One way to do this is to study with Japanese sentences. In this article we make some suggestions on where you can get sentences as well as how to go about this study method. One of those sentence resources, the 4,500 Sentences ebook, is currently 75% off in the Tofugu Store for New Years, fyi. Just like WaniKani, you need to figure out how to make this kind of study part of your daily ritual. If you do, you’ll notice your Japanese doing a sudden level up (it will feel this way, anyways) every three months or so.
When you reach Level 40, you will know around 83% of the JLPT N2 kanji, around 87% of the kanji found in a Japanese novel, and you will be near the end of your sixth grade school year in Japan.
If you started at Level 1 at the beginning of this year, it’s possible for you to end up here, even not at the fastest-ffastest pace. If you started at a later level, or you’re moving at a fast speed, there’s more for you to do before 2018 is over!
At this point, you’re going to be quite proficient in Japanese. You will be able to read 98% of the kanji found on Japanese news sites and 96% of the kanji found on Japanese Twitter, and know a bit more than half the kanji required for JLPT N1, the highest JLPT level! Getting N1 or N2 is often a requirement for working or going to school in Japan.
In terms of your other reading studies, keep studying with sentences on a daily basis. As you get better, your definition for “knowing 80% of the sentence on your first read” will include more and more difficult sentences, though it shouldn’t feel more difficult to you. You still know 80%.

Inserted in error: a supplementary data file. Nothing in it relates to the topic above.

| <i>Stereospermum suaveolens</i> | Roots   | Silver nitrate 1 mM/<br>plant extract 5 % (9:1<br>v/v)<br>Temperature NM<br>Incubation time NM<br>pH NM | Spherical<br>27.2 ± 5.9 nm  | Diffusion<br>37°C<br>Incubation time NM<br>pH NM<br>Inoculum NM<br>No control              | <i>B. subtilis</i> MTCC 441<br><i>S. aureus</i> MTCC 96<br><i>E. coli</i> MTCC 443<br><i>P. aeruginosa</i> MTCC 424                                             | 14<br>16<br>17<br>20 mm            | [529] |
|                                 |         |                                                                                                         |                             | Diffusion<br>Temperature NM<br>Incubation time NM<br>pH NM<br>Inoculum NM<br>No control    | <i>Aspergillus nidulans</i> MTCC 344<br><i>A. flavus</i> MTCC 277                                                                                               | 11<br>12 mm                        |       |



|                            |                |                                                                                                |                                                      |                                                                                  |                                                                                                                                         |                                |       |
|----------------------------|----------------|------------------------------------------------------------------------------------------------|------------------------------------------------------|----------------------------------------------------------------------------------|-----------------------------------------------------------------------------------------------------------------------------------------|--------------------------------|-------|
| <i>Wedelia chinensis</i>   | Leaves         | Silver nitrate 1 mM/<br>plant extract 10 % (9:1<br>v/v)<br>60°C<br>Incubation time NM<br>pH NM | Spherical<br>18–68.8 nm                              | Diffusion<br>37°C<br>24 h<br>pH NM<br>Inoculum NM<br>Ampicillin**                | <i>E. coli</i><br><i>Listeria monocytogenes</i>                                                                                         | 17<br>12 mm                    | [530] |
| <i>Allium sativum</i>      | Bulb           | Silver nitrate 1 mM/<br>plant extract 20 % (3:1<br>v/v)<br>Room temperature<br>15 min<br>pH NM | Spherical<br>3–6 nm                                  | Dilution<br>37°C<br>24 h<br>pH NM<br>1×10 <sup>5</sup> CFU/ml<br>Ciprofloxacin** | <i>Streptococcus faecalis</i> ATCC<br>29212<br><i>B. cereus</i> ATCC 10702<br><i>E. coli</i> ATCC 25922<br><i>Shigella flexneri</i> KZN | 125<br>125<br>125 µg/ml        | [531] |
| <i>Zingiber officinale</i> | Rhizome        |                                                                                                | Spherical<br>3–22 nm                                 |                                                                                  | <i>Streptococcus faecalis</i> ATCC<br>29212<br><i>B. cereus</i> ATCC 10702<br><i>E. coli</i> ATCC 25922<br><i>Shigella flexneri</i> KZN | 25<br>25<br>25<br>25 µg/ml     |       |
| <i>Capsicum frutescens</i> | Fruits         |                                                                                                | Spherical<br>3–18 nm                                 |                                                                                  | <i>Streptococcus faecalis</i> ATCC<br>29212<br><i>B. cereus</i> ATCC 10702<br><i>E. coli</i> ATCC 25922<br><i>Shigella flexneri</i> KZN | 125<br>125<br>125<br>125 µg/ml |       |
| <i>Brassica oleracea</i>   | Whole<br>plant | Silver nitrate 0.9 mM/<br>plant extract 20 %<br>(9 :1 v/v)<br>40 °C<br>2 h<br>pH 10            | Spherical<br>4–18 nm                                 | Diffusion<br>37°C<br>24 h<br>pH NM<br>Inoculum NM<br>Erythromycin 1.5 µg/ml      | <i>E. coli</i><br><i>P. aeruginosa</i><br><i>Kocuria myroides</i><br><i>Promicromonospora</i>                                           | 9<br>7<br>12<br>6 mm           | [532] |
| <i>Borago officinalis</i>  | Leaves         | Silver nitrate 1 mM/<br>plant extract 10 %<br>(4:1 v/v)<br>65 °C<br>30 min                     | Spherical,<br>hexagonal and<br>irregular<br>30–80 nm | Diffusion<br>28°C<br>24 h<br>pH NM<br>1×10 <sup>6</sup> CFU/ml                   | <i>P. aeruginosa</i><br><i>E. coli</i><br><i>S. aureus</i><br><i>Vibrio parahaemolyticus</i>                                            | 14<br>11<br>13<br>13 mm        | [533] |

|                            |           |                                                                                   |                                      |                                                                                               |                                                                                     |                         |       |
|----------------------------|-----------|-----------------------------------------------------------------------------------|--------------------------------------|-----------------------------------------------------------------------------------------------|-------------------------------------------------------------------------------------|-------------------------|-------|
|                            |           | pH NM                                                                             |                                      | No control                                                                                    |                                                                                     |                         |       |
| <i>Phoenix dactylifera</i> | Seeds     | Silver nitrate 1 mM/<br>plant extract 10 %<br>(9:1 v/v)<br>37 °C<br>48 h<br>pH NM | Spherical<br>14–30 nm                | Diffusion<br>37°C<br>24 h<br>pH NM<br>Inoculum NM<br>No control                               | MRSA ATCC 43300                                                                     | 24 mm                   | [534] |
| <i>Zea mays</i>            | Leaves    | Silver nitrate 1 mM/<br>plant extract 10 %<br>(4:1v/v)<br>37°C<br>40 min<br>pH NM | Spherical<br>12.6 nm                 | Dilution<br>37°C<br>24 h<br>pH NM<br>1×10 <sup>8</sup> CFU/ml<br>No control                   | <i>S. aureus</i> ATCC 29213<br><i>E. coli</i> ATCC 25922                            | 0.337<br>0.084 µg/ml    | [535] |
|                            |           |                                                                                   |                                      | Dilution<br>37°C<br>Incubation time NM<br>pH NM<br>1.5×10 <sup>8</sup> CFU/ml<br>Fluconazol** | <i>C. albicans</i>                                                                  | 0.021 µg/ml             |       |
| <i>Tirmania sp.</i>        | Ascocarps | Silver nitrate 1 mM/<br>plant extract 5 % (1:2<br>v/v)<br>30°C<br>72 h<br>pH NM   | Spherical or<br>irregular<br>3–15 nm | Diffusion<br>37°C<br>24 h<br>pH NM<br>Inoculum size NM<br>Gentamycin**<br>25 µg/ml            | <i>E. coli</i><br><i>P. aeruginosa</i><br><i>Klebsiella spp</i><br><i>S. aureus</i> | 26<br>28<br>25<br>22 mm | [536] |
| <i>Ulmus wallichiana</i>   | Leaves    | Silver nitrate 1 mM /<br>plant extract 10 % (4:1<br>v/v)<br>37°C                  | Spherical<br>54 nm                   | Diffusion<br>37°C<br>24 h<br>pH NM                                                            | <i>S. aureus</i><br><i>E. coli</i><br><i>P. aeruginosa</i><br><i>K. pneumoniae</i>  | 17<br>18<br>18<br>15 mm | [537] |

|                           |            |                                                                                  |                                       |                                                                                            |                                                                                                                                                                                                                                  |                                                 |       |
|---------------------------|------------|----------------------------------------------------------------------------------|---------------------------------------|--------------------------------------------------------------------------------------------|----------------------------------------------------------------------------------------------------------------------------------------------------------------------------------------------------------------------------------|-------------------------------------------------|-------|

As sentences become easier, consider integrating articles, books, manga, news, etc., into your studies. Same rule applies, though. You should be able to understand about 80% of anything you use on your first read through. Otherwise, it’s too far above your level, and using another resource that matches the 80% rule will be more efficient for your overall speed.
For someone who puts in a lot of effort this year, reaching Level 50 is not impossible. It’s a good goal for those of you who are feeling extra ambitious.
You’re at about a Japanese 9th grader’s level in terms of kanji now. The best thing you can do for your Japanese is to read. Like, a lot more. Good news, though. You should be able to read 99.21% of the kanji found in Japanese novels. That last 0.79% actually contains a lot of kanji, but at this point you should be really good at learning kanji, right? You don’t need ol’ WaniKani anymore.
Speaking of which, go ahead and keep doing your WaniKani reviews so you can burn those last items, but it’s really time for you to spread your wings and I push you out of the next, whoops. Get out of here. Go read.
If you’re working towards JLPT N1, you’re about 79% of the way there in terms of kanji. But it’s a tough test, so I hope you’ve been reading your fair share of Japanese books, articles, etc. Those are going to give your brain a sort of statistical framework it can work from. Your brain will identify patterns and connections. But, it needs you to input an insane amount of data. Reading will do this, and much more. Although we haven’t talked about it much, reading is a necessary part of advancing your speaking and listening abilities to and beyond fluency, too.
If you’re serious about getting this done in 2018, WaniKani Lifetime Memberships are currently $100 off for the new year. Depending on your speed and level, this may be a good deal for you. Plus, you never know how life will get in the way. Anyways, I’m so excited to see what you can accomplish in 2018. Let me know how you did in 2017, too. We’ll work hard and get there, little by little, every day.